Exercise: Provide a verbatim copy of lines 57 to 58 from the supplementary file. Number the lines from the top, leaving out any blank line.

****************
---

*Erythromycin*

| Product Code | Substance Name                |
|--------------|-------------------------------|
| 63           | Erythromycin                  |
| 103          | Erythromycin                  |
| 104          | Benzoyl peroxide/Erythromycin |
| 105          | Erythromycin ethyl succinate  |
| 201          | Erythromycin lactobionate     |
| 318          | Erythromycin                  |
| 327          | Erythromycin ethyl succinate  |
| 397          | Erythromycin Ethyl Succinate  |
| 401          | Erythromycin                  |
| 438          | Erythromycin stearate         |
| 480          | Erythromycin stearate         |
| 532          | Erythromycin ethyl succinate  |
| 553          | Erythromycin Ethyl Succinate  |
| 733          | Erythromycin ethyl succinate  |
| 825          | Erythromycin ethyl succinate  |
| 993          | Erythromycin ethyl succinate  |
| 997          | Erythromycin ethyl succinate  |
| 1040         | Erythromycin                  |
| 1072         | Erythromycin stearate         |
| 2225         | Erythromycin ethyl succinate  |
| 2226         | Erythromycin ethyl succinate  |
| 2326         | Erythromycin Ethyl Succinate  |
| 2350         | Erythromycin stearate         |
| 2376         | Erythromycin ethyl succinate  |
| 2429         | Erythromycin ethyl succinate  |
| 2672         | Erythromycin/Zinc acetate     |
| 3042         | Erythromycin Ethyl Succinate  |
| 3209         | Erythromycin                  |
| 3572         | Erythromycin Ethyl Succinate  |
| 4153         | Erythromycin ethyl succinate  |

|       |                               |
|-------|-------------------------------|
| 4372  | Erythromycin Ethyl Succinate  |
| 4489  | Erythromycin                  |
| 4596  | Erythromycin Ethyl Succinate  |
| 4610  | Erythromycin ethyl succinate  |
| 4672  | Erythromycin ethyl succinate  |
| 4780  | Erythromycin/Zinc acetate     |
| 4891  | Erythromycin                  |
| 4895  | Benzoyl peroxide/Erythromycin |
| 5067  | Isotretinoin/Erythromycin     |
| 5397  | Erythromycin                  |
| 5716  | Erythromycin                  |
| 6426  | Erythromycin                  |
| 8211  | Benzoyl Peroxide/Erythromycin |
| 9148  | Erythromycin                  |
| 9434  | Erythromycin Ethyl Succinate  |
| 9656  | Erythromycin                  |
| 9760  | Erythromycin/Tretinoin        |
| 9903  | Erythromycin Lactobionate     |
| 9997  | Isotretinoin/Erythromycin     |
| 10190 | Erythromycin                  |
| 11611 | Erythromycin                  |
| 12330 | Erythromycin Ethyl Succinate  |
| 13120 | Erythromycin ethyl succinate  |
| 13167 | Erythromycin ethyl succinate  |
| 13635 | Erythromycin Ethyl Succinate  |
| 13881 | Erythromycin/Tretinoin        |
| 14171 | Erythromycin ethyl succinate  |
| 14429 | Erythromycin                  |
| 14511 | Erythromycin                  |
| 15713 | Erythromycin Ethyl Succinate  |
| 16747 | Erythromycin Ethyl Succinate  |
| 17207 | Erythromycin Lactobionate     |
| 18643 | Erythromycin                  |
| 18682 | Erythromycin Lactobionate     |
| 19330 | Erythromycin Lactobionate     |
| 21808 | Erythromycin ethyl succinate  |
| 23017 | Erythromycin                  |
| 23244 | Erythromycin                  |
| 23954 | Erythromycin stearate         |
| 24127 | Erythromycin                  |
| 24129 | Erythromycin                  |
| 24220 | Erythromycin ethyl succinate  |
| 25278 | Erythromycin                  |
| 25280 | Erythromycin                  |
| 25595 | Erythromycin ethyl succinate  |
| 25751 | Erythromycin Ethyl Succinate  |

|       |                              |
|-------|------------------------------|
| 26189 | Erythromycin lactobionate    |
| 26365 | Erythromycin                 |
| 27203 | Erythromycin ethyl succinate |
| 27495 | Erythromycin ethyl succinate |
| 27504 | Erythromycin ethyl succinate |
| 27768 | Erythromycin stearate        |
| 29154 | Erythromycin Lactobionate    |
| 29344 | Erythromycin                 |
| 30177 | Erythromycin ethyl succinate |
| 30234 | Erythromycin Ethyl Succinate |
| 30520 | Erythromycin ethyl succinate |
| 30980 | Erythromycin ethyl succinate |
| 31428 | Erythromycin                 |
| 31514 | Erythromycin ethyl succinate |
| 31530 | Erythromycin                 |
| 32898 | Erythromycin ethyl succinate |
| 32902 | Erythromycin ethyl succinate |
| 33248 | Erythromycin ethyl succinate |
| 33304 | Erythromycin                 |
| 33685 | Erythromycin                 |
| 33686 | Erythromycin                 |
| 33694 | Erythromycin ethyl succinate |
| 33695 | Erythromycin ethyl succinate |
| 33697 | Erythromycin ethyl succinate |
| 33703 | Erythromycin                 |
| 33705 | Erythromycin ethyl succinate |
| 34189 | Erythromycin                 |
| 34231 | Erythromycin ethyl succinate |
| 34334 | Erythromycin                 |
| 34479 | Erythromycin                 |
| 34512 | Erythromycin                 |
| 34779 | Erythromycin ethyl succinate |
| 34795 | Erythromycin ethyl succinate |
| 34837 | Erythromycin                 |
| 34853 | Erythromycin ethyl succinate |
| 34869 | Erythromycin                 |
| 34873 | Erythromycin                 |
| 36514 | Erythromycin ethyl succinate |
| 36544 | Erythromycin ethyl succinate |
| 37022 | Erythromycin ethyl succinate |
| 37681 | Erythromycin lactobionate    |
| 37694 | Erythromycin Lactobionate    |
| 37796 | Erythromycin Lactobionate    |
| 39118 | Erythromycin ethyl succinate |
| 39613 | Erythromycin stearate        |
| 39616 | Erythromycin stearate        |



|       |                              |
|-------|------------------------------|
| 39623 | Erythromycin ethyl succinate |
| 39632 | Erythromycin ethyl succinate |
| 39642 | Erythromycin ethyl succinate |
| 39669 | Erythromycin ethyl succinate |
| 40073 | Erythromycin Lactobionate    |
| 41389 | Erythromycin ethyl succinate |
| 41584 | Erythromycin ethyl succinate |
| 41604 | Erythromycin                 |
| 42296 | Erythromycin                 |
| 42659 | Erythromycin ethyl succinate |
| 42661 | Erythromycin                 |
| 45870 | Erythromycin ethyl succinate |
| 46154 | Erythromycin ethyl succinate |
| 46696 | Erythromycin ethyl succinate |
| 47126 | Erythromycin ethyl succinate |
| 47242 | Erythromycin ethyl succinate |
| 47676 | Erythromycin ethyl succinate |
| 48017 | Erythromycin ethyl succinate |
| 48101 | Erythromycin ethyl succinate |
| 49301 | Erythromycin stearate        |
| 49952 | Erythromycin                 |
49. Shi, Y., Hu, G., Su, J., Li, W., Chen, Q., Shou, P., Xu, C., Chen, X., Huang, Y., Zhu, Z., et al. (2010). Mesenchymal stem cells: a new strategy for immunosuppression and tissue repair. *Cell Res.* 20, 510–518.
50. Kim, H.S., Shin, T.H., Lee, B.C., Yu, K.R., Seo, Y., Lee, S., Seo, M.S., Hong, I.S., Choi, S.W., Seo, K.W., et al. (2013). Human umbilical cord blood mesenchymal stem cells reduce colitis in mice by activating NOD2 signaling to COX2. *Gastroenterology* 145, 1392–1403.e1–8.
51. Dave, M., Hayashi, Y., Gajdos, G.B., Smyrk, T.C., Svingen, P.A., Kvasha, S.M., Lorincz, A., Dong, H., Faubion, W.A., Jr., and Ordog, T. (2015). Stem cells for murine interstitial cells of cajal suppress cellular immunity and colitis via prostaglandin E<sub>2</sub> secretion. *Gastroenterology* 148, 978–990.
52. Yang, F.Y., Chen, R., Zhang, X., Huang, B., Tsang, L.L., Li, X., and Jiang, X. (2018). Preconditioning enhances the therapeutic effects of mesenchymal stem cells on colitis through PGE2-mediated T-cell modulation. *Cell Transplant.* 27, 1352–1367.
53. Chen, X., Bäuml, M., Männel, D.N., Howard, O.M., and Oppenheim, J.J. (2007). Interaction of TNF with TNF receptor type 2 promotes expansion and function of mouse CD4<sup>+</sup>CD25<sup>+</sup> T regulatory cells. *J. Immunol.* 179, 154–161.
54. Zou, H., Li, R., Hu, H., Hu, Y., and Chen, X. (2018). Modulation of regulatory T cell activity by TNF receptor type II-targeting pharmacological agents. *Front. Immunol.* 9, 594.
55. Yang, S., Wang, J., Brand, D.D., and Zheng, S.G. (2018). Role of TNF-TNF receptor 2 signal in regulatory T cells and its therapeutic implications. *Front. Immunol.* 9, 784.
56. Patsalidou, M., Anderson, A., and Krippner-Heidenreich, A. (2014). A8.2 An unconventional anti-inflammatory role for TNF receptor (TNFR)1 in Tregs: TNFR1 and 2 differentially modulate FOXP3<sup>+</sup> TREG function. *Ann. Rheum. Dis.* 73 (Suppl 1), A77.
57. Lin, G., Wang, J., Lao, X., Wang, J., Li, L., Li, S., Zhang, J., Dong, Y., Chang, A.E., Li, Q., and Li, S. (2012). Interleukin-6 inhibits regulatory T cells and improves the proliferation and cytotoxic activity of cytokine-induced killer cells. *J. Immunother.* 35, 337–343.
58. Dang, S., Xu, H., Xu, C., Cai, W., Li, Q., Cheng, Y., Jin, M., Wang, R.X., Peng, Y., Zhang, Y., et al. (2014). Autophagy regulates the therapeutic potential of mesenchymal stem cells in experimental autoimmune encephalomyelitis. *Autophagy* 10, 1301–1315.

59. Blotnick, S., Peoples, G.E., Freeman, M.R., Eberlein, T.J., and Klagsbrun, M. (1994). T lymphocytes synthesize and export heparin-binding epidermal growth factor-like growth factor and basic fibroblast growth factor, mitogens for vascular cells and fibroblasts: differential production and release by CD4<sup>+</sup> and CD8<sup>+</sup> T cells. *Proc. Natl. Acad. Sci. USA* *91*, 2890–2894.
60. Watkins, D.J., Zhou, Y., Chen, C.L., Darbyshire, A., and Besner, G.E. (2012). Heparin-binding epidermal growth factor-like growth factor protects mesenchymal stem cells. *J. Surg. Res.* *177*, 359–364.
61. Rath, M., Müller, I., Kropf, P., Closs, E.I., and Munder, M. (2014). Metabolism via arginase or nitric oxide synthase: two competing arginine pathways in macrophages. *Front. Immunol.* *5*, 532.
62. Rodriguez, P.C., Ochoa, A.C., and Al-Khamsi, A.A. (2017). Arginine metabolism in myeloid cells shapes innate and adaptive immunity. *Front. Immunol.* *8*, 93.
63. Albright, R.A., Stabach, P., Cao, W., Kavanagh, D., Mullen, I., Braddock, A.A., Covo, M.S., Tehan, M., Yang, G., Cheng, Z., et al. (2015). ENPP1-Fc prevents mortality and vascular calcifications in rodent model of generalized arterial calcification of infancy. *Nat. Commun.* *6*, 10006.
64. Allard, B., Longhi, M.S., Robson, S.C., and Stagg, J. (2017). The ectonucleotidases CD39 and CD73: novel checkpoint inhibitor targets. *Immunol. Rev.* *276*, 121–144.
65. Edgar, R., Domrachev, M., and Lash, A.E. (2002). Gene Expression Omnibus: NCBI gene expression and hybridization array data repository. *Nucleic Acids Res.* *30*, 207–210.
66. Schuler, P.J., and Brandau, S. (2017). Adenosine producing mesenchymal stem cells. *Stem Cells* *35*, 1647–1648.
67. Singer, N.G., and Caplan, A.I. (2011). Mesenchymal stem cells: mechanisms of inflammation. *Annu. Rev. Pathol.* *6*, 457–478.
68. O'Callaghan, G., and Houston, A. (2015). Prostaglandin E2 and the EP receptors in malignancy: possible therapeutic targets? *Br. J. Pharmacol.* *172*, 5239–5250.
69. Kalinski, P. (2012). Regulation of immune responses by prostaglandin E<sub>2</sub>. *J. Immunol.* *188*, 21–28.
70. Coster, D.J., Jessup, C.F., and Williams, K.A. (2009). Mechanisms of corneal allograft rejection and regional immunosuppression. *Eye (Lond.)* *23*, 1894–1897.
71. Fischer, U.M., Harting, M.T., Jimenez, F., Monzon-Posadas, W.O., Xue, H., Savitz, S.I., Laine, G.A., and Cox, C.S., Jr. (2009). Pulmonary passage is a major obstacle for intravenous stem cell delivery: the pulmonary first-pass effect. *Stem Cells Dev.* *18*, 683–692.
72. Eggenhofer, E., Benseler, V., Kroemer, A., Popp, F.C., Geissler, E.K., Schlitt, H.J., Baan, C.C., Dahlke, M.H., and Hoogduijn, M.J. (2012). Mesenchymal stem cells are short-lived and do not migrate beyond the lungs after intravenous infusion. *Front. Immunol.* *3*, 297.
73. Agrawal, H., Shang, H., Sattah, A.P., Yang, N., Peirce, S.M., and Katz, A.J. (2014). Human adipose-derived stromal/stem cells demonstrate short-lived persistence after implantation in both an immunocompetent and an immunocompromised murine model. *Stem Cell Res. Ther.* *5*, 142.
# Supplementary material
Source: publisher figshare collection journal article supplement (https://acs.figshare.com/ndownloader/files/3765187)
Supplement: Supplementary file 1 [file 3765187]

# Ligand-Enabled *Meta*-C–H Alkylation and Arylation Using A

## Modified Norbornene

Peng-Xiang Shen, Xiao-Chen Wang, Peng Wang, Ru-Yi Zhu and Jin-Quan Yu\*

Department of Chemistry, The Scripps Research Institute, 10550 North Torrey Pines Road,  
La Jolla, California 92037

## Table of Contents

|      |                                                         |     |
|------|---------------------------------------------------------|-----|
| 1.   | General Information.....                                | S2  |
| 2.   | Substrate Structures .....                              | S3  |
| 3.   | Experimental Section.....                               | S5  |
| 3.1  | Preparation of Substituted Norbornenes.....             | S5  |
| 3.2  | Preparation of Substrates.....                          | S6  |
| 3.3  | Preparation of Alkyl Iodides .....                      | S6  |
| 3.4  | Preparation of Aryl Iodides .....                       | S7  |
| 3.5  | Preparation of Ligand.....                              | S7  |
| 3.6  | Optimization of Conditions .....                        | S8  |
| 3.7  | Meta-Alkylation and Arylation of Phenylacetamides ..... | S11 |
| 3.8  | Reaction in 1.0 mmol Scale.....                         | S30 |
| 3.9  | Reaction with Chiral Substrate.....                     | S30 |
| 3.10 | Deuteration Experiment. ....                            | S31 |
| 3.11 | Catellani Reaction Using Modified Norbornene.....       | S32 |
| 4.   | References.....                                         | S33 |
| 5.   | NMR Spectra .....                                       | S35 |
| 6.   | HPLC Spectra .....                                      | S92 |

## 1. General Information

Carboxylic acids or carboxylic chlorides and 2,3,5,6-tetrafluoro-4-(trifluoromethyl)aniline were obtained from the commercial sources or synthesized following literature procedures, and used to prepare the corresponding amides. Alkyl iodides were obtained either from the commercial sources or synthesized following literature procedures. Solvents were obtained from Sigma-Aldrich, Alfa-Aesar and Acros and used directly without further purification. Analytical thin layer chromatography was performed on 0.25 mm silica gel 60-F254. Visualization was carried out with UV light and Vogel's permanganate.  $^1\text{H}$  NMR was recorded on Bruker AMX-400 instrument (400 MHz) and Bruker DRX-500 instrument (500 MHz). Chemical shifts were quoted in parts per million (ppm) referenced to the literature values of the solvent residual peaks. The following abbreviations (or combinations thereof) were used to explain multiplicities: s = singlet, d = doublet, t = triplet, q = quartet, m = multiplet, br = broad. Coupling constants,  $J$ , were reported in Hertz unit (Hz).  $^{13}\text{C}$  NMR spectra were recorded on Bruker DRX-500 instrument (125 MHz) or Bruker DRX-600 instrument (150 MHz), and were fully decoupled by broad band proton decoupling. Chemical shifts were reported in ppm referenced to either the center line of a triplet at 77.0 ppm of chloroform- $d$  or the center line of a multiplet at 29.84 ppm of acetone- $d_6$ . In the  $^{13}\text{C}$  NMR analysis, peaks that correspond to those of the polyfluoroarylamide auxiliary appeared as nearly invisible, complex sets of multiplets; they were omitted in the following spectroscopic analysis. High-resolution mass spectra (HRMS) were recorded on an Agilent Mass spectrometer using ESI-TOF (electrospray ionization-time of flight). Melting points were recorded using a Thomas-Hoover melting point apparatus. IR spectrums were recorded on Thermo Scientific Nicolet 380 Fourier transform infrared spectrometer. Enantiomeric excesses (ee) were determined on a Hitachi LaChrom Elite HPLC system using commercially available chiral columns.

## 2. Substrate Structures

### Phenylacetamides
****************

| 11611 | Erythromycin                  |
| 12330 | Erythromycin Ethyl Succinate  |